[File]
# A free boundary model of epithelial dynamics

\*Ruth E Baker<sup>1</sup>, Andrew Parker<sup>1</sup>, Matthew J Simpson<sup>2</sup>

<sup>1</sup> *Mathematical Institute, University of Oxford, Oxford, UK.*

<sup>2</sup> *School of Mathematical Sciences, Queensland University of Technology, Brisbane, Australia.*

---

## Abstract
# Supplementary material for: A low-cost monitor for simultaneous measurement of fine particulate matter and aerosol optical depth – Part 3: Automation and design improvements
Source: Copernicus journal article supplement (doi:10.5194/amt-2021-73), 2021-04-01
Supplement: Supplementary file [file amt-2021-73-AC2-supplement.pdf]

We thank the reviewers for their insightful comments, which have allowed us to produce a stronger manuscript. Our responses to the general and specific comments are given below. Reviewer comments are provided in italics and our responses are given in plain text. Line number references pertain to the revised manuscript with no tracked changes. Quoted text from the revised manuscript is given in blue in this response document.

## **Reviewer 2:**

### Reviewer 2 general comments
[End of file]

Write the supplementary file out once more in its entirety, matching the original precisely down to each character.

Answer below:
# A free boundary model of epithelial dynamics

\*Ruth E Baker<sup>1</sup>, Andrew Parker<sup>1</sup>, Matthew J Simpson<sup>2</sup>

<sup>1</sup> *Mathematical Institute, University of Oxford, Oxford, UK.*

<sup>2</sup> *School of Mathematical Sciences, Queensland University of Technology, Brisbane, Australia.*

---

## Abstract
# Supplementary material for: A low-cost monitor for simultaneous measurement of fine particulate matter and aerosol optical depth – Part 3: Automation and design improvements
Source: Copernicus journal article supplement (doi:10.5194/amt-2021-73), 2021-04-01
Supplement: Supplementary file [file amt-2021-73-AC2-supplement.pdf]

We thank the reviewers for their insightful comments, which have allowed us to produce a stronger manuscript. Our responses to the general and specific comments are given below. Reviewer comments are provided in italics and our responses are given in plain text. Line number references pertain to the revised manuscript with no tracked changes. Quoted text from the revised manuscript is given in blue in this response document.

## **Reviewer 2:**

### Reviewer 2 general comments